For the companies competing for the best and brightest of the class of 2015, there’s good news and bad news. The latest college grads appear to be more prepared to enter the workforce than we’ve seen in recent years. But many employers aren’t taking the right steps to attract them–or to hang onto them once they do.
Our 2015 College Graduate Employment Study here at Accenture Strategy found that nearly half of 2015 graduates (49%) consider themselves underemployed or working in a job that doesn’t require a college degree–a steady increase from 46% in 2014 and 41% of the graduates we surveyed in 2013.
Clearly, there’s room for employers to improve. Here are five places to start.
Almost three-quarters (72%) of the 2015 grads we surveyed had an internship, apprenticeship, or co-op during college. Not only can this type of work experience get promising candidates excited about working for you even before they’ve graduated, it also helps you pinpoint–and even get a head start on training–the top talent early. Companies that don’t offer internships or similar types of opportunities are all but leaving the best entry-level employees on the table for their competitors to recruit.
Young millennial and gen Z workers are digital natives, so it’s no surprise they’re using digital tools and platforms to look for work. In fact, nearly two-thirds (64%) of 2015 grads have used a mobile app to search and apply for positions, and they consider social networking the most effective method for finding a job. Employers need to go where their future employees already are. That means ramping up digital investments in the recruitment experience.
Our research found that just 15% of new grads want to work for a large company, which hints that even the best-established corporations are falling short of young employees’ expectations. Millennials want both creative work cultures as well as environments that promote transparency and give them a chance to advance quickly. They might be mistaken in believing those opportunities only exist in small companies and startups, but they can’t entirely be faulted for that. Bigger companies need to prove they can offer those experiences, too, backed by a breadth of resources smaller players can’t.
For example, some larger organizations are shedding traditional performance reviews in favor of more transparent, real-time feedback. In addition, bigger companies already have the infrastructure to support flexible working as well as the resources to create smaller, specialized teams.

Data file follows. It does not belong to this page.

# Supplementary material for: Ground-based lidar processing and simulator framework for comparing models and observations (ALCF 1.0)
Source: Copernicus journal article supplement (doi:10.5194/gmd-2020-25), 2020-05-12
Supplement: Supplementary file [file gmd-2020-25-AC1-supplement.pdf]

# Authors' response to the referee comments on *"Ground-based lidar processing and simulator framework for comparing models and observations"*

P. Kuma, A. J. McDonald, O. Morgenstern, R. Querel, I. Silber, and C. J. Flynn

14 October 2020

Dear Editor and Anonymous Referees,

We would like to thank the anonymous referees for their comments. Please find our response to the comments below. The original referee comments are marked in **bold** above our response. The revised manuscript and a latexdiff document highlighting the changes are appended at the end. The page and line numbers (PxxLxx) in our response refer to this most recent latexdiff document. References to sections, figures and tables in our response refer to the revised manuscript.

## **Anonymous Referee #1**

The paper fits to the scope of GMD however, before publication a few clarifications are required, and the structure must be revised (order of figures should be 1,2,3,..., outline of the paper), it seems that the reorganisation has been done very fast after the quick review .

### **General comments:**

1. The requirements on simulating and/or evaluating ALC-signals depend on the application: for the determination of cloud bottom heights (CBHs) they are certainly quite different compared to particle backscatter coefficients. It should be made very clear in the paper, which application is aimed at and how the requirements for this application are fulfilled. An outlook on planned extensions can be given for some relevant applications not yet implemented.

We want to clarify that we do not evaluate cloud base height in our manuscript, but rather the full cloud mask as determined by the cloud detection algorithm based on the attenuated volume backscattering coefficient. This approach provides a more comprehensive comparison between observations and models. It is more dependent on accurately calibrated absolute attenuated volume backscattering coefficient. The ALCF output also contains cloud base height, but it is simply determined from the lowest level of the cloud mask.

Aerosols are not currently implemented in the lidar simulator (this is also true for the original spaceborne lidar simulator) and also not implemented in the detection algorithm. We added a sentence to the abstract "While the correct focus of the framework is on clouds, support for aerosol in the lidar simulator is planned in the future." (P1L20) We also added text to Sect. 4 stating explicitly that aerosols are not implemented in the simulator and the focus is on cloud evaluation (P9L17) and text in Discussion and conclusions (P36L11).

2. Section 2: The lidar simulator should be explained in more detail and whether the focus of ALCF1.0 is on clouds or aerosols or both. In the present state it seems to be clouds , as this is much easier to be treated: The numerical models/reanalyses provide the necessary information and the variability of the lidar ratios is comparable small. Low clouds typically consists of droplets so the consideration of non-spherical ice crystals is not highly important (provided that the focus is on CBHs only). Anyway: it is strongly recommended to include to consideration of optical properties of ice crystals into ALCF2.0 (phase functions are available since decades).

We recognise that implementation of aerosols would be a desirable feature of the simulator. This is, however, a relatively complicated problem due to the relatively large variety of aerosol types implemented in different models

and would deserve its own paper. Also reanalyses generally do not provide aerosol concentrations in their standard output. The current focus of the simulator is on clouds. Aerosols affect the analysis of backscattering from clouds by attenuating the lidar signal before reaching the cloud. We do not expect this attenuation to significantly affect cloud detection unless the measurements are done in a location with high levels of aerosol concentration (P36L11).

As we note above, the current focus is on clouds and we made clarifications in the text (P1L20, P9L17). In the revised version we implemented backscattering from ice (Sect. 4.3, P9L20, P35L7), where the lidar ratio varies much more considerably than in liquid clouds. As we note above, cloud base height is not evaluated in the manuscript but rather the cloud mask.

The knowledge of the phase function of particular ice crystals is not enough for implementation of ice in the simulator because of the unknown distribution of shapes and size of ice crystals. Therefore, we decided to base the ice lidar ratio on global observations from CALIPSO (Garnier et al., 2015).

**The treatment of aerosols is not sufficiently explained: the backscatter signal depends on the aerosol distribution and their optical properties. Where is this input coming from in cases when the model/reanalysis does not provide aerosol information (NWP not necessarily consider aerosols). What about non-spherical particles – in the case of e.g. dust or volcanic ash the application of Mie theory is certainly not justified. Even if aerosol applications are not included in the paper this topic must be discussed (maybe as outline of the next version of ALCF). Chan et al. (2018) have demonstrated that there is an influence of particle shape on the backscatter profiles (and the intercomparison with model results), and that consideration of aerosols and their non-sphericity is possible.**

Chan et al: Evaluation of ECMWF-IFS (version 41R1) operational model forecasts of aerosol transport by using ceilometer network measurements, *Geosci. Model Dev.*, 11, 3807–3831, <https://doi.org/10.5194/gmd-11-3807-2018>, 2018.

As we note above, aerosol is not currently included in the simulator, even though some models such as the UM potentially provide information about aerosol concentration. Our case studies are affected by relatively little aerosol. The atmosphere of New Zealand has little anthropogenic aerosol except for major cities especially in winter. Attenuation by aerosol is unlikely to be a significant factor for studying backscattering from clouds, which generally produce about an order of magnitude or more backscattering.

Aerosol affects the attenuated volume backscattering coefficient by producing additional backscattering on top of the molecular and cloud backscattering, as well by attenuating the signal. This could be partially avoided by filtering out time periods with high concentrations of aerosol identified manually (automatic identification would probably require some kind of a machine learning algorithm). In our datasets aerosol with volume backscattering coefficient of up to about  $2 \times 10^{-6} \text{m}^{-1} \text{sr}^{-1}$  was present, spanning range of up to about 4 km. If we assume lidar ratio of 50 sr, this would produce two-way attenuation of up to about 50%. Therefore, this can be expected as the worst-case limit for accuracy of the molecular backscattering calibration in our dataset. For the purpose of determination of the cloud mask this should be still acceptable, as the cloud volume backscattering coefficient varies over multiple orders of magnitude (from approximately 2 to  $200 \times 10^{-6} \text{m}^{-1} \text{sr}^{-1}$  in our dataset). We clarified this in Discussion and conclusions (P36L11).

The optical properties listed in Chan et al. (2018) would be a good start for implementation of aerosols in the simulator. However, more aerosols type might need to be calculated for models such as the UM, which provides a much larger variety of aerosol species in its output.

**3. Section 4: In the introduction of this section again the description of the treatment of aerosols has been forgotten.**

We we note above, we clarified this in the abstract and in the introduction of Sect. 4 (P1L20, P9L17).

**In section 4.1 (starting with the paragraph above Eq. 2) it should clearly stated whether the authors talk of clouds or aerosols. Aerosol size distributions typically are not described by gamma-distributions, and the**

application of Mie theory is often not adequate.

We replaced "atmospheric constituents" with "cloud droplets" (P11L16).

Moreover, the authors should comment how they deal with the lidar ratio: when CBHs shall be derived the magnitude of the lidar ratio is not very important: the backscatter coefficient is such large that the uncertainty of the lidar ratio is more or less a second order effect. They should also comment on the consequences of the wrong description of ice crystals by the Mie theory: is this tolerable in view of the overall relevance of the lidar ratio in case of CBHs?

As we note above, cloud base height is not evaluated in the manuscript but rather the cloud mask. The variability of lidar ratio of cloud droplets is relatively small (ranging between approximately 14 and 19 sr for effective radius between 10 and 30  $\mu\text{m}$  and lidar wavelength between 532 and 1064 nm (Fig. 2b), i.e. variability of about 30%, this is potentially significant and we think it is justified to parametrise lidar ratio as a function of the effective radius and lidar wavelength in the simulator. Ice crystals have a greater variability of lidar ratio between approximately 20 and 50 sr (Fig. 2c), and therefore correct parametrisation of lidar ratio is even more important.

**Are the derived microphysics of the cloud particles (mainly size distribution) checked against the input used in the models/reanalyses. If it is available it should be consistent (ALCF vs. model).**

If reorganizing at that level isn’t an option in the near-term, businesses can still do more to bring their millennial employees into closer contact with their smaller business partners that are now major parts of their own ecosystems. The point is to find ways to create those intimate experiences, then advertise them to potential hires.
The newest graduates in the workforce don’t just want chances to learn and grow, they expect them. 77% of those we surveyed expect their employer to provide training in their first job, but only half said they got it. That means that the youngest employees can’t entirely be blamed for jumping from one job to the next after very short tenures. It also means that for companies, a little can go a long way. Offering long-term development opportunities can put your company a cut above the competition and help you hang onto great talent after making the hire.
For the newest college graduates in the workforce, culture trumps compensation. Sixty percent of the class of 2015 said they would prefer to work at a company with a positive social atmosphere and earn a lower salary than make more money someplace where it’s less fun to work. Employers who offer entry-level employees challenging work while also creating an enjoyable culture are at a competitive advantage.
Companies might be prone to dismiss recent graduates’ priorities as unrealistic expectations based on limited work experience. But those that do will miss out on the most talented young workers. College students are showing incredible agility and pragmatism as they enter a competitive labor market. Now it’s time for employers to show they’re just as capable of adapting.
David Smith is senior managing director for talent and organization at Accenture Strategy.